The guys welcome the CEO of Klean Kanteen, Jim Osgood, to discuss why his company decided to become B Corp certified and the positive effects the certification has had. Jim also provides his perspective on the question, "One of our employees does great work and isn't breaking any office rules, but we have noticed he is posting very questionable content on his social media. Can we fire him for this since he lists us as his employer on his profiles?"
NASIR: Welcome to Legally Sound Smart Business.
This is Nasir Pasha.
MATT: And this is Matt Staub.
NASIR: Welcome to our podcast. This is where we cover business news and add our legal twist and also answer some of your business legal questions that you, the listener, can send in to email@example.com.
As I’ve said before, soon to be dot-pizza. I’ve looked it up and it is definitely coming – just not yet – TBD.
MATT: I’m glad you took my advice from the last episode and varied your intro. It did sound a little bit different so I do appreciate that.
NASIR: Okay, that’s good.
What do we have to the start of the show here today, Ji—Matt? I called you Jim which, of course, is the name of our guest.
MATT: Well, now you ruined the surprise.
NASIR: I know. I messed up.
MATT: So, in the last – I was going to say “couple of months” but, really, all of this year and some of the last year, there’s been a lot of people that I know have approached me or contacted us and asked about wanting to start a company but wanting some social good behind it, too. I think a lot of people do some preliminary searching and stumble across this B Corp idea. They might not know a lot about it but that’s typically a lot of the phone calls or contacts that I get is people saying, “Hey, I want to start this company, I want to do something good, not just be all about making money. How about this B Corp idea?” It is a cool idea and not every state currently allows it but it is out there for a good chunk of states. I think almost half of them now. In California, it’s still relatively new as well.
NASIR: Yeah, I think California has been around for probably four or five years, I want to say, but I’m lind of guessing there. I know it’s been a little bit of time and I know Delaware now has it, too. So, some of the more important states for these corporations are there.
But let me just break down here. Benefit Corporations – or I should say “B Corps” – is a legal status. It kind of depends. Colloquially, they’re used kind of synonymously but it can mean different things. But, basically, that kind of legal status, basically, it’s a for-profit corporation but the difference is that the shareholders can hold the company accountable differently in a sense that, in a for-profit corporation, the board of directors and their officers have to take the best interest of the company by making as much profit as possible. But, whereas, in a benefit corporation, they could also choose to add on a public benefit as a standard of their success, so to speak.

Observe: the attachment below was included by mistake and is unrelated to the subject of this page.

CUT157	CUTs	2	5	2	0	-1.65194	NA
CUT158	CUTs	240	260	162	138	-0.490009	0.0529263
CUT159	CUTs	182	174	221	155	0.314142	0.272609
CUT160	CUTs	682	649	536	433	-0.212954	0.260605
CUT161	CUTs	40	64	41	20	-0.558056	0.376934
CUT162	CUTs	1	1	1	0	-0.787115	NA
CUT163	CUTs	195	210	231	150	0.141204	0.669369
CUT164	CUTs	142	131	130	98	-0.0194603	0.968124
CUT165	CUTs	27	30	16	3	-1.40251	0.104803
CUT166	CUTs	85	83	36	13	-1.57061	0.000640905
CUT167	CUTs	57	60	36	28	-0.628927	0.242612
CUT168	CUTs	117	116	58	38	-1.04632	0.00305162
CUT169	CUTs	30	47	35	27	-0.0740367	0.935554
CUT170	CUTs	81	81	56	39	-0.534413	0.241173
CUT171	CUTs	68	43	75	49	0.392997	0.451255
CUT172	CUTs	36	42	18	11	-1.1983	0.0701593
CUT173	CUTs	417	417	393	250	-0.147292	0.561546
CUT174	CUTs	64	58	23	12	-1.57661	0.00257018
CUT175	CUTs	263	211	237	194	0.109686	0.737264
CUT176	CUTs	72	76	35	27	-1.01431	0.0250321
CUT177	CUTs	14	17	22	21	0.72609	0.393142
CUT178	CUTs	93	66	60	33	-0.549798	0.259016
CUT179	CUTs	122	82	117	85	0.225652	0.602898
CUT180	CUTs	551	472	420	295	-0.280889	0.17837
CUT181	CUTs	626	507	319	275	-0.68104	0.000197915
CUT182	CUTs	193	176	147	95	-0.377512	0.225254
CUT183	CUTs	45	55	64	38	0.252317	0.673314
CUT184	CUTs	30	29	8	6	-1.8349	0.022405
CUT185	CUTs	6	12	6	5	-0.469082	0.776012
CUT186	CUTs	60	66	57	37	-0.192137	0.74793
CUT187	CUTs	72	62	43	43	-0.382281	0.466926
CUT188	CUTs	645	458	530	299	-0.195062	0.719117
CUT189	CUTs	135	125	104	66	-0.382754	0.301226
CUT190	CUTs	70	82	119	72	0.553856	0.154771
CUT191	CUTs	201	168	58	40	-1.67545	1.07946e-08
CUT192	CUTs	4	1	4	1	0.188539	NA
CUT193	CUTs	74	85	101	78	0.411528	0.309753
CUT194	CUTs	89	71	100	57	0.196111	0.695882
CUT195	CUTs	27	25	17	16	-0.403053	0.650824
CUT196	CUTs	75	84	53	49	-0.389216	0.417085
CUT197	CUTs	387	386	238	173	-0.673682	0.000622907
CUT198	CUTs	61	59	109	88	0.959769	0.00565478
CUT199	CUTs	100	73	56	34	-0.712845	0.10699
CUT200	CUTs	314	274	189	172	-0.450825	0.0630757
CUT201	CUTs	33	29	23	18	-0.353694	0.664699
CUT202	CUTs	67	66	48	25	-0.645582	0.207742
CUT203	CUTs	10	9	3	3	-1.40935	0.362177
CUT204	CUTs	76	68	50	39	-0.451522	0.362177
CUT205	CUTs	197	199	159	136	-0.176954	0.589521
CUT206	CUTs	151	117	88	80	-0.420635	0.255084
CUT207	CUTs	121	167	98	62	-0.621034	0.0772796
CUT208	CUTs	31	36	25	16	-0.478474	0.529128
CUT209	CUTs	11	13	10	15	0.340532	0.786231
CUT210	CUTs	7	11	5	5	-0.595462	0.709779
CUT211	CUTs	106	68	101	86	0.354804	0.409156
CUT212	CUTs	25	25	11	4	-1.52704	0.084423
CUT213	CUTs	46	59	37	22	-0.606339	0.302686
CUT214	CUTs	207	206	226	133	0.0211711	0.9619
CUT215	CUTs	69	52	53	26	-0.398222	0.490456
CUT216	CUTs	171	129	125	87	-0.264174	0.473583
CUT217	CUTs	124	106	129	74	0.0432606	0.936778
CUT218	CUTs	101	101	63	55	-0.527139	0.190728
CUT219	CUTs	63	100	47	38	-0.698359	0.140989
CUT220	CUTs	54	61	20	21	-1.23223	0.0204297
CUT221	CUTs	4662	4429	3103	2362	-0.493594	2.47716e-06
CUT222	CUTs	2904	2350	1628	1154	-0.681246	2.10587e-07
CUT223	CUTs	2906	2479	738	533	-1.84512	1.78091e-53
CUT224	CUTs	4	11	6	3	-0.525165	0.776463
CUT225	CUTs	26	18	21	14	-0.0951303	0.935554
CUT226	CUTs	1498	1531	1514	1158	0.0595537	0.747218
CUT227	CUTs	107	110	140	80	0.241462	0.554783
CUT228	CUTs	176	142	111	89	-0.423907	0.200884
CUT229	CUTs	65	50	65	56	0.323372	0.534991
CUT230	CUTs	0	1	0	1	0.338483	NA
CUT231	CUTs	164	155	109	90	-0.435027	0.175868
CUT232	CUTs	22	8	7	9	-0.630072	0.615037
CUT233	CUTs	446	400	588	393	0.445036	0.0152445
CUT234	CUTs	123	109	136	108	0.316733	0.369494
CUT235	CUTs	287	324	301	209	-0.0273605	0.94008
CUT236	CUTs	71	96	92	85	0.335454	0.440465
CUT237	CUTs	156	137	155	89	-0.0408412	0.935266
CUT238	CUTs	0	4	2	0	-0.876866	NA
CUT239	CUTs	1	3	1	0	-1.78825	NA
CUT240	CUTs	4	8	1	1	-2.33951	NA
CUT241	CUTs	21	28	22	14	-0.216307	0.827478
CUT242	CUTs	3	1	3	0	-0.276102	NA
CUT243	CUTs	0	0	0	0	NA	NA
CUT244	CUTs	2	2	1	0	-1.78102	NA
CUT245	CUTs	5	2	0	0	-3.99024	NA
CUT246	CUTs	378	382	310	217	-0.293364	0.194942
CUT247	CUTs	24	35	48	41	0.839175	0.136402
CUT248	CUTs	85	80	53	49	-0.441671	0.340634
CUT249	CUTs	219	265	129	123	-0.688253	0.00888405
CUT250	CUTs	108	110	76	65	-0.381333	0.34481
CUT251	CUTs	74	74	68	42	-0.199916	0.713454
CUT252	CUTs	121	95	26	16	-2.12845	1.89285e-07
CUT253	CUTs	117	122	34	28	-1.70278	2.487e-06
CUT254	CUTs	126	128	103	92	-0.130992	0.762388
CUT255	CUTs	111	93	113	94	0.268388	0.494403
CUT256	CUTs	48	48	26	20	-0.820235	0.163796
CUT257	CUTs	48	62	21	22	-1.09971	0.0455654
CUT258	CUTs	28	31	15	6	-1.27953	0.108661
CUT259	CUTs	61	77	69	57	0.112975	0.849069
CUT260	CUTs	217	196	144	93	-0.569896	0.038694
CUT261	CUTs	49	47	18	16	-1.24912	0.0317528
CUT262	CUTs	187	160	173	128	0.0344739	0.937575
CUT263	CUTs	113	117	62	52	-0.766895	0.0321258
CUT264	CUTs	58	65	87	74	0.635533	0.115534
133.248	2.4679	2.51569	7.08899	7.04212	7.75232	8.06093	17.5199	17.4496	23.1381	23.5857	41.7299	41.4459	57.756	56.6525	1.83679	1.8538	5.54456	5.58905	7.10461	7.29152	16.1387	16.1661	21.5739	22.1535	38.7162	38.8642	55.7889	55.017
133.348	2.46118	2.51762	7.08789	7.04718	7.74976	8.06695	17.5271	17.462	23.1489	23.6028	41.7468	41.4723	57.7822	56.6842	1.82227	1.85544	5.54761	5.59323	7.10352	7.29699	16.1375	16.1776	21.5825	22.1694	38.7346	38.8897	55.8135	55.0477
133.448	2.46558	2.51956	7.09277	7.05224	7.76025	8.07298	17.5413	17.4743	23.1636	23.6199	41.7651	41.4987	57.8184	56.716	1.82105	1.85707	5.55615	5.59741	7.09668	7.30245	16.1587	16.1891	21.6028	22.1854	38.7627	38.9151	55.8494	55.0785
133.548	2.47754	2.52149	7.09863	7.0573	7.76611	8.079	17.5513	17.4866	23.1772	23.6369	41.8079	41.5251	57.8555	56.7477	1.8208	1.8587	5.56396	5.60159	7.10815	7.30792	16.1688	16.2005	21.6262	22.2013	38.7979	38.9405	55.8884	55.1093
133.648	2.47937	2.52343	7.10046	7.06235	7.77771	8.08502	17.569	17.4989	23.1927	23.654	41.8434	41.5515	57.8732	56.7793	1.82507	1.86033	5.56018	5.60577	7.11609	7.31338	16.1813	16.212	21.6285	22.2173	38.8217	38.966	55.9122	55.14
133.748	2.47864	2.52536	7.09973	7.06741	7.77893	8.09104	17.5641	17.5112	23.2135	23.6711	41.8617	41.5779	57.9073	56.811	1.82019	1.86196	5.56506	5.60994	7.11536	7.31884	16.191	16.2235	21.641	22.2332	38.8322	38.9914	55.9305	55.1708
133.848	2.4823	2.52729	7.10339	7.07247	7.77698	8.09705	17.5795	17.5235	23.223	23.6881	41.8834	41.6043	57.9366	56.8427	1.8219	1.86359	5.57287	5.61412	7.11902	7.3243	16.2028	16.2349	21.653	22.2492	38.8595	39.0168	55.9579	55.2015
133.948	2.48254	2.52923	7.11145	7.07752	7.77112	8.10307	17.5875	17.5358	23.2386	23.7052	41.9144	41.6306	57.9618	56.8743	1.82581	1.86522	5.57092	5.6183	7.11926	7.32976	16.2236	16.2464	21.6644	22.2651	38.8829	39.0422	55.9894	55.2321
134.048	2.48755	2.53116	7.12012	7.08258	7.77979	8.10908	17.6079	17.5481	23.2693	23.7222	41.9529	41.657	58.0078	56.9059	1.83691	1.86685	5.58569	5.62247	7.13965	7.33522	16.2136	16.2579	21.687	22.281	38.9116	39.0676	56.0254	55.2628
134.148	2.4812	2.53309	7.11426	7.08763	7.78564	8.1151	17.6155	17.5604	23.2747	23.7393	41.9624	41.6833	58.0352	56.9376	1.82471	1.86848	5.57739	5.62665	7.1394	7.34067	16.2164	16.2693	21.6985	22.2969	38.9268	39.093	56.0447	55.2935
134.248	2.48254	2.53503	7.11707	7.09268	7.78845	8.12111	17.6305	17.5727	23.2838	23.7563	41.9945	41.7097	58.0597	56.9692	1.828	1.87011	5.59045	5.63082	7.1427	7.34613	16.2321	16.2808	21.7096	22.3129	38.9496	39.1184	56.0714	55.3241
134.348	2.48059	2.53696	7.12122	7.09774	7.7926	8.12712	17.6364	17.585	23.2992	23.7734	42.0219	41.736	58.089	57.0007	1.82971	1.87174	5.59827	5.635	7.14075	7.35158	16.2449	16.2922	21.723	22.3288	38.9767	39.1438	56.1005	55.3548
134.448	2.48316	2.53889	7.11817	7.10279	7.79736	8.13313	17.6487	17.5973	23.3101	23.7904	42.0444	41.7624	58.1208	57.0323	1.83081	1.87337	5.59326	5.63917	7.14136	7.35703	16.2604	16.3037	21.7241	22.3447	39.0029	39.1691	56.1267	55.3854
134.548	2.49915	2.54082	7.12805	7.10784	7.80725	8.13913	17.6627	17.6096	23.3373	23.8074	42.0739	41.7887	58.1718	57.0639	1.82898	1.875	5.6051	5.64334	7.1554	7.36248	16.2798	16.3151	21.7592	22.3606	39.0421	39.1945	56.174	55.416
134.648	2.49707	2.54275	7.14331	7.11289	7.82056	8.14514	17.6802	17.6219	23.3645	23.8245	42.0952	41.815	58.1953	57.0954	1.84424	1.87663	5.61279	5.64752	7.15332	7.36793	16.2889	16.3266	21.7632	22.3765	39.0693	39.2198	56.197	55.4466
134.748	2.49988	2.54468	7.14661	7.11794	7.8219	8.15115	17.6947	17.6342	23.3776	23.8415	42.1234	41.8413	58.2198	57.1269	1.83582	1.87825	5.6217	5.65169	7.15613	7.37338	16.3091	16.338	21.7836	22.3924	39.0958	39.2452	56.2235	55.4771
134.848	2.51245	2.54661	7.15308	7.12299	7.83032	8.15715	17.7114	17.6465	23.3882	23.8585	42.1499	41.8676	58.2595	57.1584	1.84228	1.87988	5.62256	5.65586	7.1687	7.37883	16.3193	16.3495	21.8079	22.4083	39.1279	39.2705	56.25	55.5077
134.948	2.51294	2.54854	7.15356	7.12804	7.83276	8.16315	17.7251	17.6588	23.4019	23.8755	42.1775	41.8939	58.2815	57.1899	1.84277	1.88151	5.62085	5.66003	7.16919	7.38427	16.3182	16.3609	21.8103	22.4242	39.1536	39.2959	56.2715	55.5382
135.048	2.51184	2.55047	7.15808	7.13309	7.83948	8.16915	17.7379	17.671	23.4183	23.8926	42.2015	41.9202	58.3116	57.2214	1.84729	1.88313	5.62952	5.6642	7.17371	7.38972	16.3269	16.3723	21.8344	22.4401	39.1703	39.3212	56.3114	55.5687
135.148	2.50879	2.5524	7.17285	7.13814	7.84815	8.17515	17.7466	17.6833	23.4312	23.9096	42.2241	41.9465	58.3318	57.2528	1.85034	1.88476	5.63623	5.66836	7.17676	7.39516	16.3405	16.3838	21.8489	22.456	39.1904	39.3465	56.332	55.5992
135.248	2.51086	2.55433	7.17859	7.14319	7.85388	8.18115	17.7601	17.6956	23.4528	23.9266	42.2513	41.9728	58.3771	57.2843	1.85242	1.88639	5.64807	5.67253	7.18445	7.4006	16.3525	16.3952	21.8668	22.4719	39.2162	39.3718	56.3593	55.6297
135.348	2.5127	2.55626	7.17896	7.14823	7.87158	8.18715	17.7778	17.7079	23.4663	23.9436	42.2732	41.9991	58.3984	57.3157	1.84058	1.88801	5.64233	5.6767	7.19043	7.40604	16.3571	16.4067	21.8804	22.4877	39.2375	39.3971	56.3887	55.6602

And so, they’re not held to the same kind of fiduciary duty as they would other companies to their shareholders. But then, on top of that, there’s this whole benefit corporation certification that a third-party, I think there’s at least one, I think there might be another main out there that goes through this process.
And so, to kind of get a better idea of how this works, we brought in Jim Osgood, he’s from Klean Kanteen.
Welcome to the program!
JIM: Great to be here, guys. Thanks for inviting us!
NASIR: Absolutely. Klean Kanteen is a B Corporation, certified by B Labs, correct?
JIM: That is correct. We were certified in October of 2012 and we are also, since that time, a registered benefit corporation of California.
NASIR: Very cool.
So, just to define that, your legal status as a benefit corporation in California but then you’ve been certified by B Labs, is that correct?
JIM: That is correct. The distinction there is that B Labs as a B Corp certification is an impact assessment third-party audit. That’s the objective measures of meeting that criteria. The legal status is one that is an outcome of becoming a B Corp. So, we were not a benefit corporation prior to going through the impact assessment process through B Labs.
NASIR: Oh, okay.
JIM: It was one of the many action items that came as a legal recognition of our status and, as you have very well put, the intent of that is that we’re not all about just maximizing economic value or shareholder value. It’s now legally a fiduciary responsibility to maximizing social and environmental impact as well.